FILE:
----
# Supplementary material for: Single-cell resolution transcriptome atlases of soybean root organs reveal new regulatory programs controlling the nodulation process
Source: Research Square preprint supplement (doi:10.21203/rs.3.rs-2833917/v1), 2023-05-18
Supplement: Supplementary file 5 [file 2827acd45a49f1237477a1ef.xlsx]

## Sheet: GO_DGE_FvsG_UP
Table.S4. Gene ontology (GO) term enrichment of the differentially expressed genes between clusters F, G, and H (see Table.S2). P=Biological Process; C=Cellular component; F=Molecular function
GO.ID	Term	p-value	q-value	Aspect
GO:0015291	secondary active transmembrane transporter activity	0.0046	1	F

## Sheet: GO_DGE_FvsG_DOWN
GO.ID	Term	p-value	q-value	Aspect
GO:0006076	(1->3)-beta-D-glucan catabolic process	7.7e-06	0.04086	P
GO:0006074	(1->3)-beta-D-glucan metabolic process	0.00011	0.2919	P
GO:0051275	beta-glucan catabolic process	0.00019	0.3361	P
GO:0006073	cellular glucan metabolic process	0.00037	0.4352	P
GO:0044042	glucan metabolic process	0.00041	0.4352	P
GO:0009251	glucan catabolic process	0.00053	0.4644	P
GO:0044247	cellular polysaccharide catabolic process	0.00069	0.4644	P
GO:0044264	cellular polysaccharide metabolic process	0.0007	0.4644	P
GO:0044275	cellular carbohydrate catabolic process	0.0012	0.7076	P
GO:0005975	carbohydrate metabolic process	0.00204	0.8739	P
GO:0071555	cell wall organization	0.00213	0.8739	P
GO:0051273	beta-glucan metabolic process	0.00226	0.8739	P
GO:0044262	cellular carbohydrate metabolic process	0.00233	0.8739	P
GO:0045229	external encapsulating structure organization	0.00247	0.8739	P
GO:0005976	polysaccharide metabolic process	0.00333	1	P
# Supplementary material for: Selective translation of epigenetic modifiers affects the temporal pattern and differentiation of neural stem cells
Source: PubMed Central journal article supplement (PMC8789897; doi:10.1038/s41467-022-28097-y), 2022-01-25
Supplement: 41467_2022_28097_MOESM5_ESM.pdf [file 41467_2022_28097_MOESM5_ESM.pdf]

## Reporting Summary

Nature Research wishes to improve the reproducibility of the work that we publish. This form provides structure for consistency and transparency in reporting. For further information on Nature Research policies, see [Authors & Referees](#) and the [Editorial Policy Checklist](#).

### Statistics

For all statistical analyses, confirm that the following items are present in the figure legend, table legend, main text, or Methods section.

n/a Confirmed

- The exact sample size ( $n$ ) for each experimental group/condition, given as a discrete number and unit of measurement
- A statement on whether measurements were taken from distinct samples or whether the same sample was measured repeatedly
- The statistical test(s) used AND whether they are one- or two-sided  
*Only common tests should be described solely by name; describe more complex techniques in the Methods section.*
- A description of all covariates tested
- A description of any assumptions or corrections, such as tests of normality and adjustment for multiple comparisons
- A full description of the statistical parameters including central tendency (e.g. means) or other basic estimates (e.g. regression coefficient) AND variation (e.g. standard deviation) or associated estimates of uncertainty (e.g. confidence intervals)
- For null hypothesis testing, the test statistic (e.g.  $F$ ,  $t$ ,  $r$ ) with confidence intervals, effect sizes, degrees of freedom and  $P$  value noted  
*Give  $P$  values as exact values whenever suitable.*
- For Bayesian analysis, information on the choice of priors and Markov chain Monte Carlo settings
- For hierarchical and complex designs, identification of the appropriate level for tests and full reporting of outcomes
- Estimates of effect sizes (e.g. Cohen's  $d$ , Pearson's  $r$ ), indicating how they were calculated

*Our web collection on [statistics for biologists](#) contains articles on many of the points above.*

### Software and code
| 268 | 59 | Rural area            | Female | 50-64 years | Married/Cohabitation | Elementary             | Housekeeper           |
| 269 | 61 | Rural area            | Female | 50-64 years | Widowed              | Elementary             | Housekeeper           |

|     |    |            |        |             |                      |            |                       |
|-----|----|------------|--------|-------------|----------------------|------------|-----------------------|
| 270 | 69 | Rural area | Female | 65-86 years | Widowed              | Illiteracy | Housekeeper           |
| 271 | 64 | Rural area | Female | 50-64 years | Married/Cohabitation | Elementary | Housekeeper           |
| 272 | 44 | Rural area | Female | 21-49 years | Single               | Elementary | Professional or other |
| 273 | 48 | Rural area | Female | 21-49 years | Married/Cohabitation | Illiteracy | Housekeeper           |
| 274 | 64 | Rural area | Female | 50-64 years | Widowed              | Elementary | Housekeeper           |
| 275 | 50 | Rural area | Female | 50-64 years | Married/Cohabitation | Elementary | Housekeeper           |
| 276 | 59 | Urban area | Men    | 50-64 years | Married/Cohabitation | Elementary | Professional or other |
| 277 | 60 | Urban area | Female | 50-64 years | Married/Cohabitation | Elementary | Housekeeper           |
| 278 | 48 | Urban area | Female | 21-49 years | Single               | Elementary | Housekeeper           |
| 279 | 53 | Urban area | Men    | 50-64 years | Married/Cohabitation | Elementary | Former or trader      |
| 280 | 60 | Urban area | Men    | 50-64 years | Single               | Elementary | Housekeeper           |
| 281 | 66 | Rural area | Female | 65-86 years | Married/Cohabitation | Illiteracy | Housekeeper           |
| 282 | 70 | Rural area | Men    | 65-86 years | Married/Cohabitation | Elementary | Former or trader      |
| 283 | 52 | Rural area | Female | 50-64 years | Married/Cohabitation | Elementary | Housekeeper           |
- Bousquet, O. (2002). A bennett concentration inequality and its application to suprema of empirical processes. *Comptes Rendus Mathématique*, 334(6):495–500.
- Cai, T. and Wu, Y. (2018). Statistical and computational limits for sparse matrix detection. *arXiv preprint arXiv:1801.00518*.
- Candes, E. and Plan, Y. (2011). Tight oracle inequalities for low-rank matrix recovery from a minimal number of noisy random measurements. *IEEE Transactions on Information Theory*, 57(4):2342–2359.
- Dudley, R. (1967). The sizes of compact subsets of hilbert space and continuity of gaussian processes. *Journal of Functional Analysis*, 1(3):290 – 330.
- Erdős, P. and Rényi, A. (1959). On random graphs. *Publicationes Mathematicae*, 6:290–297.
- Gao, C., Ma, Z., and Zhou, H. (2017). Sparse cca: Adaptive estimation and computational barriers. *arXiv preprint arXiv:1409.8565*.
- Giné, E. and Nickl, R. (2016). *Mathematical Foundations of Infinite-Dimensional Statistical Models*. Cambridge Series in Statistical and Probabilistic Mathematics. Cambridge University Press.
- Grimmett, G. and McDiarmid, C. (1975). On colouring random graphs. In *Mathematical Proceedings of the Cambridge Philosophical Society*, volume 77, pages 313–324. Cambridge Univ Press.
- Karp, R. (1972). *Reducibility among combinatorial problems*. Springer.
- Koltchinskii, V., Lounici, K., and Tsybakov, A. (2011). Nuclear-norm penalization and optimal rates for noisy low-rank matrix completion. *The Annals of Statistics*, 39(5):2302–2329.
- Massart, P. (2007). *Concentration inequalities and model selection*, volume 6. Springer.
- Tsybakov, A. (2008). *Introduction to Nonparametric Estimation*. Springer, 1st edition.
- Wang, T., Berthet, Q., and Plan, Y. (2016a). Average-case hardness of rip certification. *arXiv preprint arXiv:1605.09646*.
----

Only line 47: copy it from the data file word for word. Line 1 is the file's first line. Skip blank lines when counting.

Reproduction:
| 268 | 59 | Rural area            | Female | 50-64 years | Married/Cohabitation | Elementary             | Housekeeper           |